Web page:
The Christmas Tree at the Metropolitan Museum with its vast display of 18th Century Neopolitan Crche figures is a delight to behold. It is beautifully cared for with no financial constraints. These Christmas decorations are the perfect excuse to make the fairly long trip up to the Upper East Side by subway and bus. My little boy and I venture up there on one of those endless school days off and in addition to appreciating the well cared for tree we educate ourselves by hurtling through the Amour and Ancient Egyptian Galleries. A less obvious treat at the Met are the five monumental floral displays in the Entrance Hall. These are spectacular and always worth popping in to see if you are close by. They are one of the few things on view you do not need to pay to see. The amazing weekly task of erecting these displays is undertaken by a Dutch man named Remco van Vliet. The flowers are paid for by a legacy from Lila Acheson Wallace and her Reader's Digest fortune.

The glorious, but unkempt, trees which line the streets of our neighbourhood have pretty much all lost their leaves by early December. The leafless view from our 1st floor bedroom window now includes not only One World Trade Centre in mid build but also the great Woolworth Building with its green patina pitched roof. By night these distant lights of Manhattan are overshadowed by the 5-story Brownstone family home opposite us, which each year is painstakingly decked with lights at every window, characters on all ledges and giant wooden Nutcrackers flanking the entrance. The first year we were here I was rather aghast at the spectacle opposite but I confess when the display came down in early January I missed it as our Drawing Room was plunged into darkness. Sitting at any of our front facing windows it feels like we have our very own private Christmas spectacular. When coming home by taxi in the dark it is also a useful landmark for the driver to identify.

Last year we ventured to pastures new to see the lights. Dyker Heights in the deepest and darkest (but not in December) Brooklyn is top billing when it comes to Christmas lighting. This is a predominantly American Italian neighbourhood that prides itself in taking illumination to the ultimate level. Here we are out of classic Brownstone territory. The houses resemble Lilliputian palaces, or at least, that's what you can glimpse beneath the gigantic, all singing, all dancing carnival of Christmas lights. As long as we are living in Brooklyn this show merits a few hours of car hire to cruise 76th Street and the neighbouring blocks. It is genuinely jaw dropping; the electricity bills must be astronomical. The electrics in our house would never allow for such extravagance: in the summer if I feel flush enough to have the air conditioning on I won't dare vacuum at the same time for risk of the circuit fusing. Multi tasking is to be avoided at all costs.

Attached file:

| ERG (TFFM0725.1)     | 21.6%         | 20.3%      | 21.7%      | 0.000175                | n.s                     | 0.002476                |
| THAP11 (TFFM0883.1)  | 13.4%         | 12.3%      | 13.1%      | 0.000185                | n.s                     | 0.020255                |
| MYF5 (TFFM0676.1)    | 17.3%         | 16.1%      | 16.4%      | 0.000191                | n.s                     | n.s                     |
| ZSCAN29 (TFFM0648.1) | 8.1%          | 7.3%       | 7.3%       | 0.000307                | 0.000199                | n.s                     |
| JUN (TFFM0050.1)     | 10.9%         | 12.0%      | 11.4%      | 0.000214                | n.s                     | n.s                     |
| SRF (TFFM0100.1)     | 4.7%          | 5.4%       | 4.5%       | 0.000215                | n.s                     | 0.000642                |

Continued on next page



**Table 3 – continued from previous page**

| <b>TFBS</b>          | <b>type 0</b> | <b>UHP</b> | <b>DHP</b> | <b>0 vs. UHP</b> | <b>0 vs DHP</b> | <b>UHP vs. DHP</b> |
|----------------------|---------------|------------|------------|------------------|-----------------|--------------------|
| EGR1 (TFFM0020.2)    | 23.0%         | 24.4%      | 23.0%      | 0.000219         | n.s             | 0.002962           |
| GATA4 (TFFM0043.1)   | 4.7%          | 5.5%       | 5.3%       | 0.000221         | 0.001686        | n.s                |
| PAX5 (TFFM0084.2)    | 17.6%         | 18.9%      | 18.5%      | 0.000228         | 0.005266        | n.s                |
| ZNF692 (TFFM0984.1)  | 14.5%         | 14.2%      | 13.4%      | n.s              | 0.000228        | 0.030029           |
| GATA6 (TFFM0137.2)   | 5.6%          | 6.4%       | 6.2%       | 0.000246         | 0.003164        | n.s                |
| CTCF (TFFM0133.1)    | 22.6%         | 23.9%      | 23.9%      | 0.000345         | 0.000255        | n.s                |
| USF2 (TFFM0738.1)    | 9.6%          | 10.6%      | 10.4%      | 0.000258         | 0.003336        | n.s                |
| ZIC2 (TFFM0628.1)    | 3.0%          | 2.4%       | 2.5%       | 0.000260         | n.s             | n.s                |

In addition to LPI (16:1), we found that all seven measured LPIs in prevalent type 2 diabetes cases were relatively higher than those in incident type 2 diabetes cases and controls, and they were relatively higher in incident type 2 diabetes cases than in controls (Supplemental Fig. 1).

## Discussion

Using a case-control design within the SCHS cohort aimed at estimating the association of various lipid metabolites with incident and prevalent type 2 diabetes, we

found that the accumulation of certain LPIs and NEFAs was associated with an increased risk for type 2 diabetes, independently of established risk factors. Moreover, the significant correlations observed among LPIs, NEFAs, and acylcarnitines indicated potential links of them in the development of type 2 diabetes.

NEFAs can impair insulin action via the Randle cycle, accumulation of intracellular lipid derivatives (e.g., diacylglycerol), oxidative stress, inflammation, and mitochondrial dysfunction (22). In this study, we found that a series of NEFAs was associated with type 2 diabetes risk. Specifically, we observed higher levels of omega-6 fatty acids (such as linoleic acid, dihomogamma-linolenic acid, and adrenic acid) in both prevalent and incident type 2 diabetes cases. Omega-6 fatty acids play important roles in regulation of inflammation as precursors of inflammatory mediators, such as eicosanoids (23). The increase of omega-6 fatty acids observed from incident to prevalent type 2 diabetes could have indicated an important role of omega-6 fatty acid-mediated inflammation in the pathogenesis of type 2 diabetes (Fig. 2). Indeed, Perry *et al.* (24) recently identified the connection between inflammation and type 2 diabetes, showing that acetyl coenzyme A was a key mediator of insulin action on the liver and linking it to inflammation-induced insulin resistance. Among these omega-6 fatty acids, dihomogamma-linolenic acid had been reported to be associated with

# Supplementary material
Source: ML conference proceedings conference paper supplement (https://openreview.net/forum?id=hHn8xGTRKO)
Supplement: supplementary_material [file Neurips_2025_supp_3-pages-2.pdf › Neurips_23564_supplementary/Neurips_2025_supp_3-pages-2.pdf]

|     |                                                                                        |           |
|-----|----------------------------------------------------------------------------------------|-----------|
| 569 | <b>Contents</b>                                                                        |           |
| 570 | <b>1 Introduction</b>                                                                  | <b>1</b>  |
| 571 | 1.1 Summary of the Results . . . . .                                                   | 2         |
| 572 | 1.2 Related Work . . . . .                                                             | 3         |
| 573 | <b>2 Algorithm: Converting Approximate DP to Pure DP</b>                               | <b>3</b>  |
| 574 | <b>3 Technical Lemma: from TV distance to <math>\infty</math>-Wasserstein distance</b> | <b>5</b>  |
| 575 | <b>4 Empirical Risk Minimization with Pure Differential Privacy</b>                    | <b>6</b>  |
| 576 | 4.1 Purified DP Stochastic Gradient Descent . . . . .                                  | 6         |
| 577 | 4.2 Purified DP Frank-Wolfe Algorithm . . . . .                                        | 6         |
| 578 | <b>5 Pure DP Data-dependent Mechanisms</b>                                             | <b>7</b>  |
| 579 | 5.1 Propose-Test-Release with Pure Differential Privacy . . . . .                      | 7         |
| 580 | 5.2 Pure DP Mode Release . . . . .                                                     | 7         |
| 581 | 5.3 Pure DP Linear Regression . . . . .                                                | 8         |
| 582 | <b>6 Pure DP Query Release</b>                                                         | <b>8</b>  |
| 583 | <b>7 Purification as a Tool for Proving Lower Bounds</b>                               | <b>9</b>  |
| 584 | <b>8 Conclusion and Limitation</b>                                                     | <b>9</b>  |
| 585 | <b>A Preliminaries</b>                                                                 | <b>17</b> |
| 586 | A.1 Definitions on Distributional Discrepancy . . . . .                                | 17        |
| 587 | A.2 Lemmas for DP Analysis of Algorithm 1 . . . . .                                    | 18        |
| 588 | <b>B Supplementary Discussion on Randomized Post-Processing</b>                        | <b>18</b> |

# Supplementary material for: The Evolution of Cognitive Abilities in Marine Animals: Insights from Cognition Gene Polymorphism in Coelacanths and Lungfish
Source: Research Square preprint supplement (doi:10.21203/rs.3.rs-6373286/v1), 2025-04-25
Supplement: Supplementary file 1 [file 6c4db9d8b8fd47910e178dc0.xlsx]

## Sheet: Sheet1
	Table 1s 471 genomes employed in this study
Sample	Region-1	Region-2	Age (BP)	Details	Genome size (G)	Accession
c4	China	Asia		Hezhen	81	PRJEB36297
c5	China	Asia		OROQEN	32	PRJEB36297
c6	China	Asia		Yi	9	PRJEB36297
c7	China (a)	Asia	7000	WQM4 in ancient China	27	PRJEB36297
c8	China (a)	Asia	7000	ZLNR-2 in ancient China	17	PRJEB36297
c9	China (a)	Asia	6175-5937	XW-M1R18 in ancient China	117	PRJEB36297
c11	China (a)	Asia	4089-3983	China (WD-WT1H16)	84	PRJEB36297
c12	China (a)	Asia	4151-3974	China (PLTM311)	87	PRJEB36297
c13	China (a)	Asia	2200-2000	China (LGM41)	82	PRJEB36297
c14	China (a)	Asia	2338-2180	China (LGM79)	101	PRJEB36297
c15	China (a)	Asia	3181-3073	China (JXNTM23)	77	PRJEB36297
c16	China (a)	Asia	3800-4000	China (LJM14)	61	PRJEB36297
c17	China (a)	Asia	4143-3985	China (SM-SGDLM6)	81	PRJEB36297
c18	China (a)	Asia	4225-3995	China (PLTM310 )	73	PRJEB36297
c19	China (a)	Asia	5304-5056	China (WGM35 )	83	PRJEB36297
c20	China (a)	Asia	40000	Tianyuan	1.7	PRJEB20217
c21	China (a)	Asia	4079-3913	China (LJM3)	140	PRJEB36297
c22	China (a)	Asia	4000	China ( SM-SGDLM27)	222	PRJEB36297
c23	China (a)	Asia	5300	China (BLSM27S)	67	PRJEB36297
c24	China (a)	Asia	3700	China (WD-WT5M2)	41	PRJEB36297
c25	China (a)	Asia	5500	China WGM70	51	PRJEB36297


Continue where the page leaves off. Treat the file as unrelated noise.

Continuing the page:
On the opposite side of the taste spectrum is another annual favourite The Nutcracker ballet is charm itself in a city where I often feel in exile. The American National Ballet at the Lincoln Centre performs the George Balanchine choreographed, enchanting performance of Tchaikovsky's score accompanying Hoffman's classic tale. This is our Boxing Day Treat this year. The term Boxing Day here has of course no meaning at all I dread to think what the name would conjure up in a New York mind. It is not at all customary to wish strangers or even acquaintances a Happy Christmas in this city and this is something I rather miss. One place I may receive such a thing is at the glorious Trinity Church on Wall Street, which is where we will go for the service on Christmas morning.

The Morgan Library is a museum situated in JP Morgan's Brownstone house on Madison Avenue. His fabulous library is adjacent and a glass roof covering what was the piazza courtyard has now entwined the two buildings together into a marvelous space with interesting exhibitions and lectures besides. Early in December they have the perfect excuse to put on a jolly performance of the Christmas Carol Dickens' original manuscript for the book has the best seat in the house safely encased in glass. It is all rather magical as Morgan's library is a feast for the eyes without any added theatricals. Throughout the afternoon Scrooge, various ghosts and the Author himself mingle and interact with the visitors. They pull off a wonderful Victorian celebration without being in any way kitsch.

That cannot be said of my other newfound seasonal ritual. Together with a friend who has both a car and gumption we venture to the Brooklyn Terminal Market. Here, amongst the wholesale fresh fruit and vegetables and the West Indian goods stores, you find an Aladdin's cave of festive merchandise for each season. This is Lapides, which in December is home to every sized bauble in all colours, reams of ribbon, hundreds of Poinsettia, yards of garlands of balsam and pine and wreaths, all ready to decorate as takes your fancy. Each month chez Lapides there is something to celebrate. This place is a hoot and, as it operates mainly for the wholesale market, by the time my friend and and I have dodged the potholes and found our way most other clients have been and gone.

New York city does not lack or tire of winter holiday activities there is so much money to be made and a little festive spirit is probably thrown in too. December will no doubt fly by and we will see in the New Year, our sixth Stateside.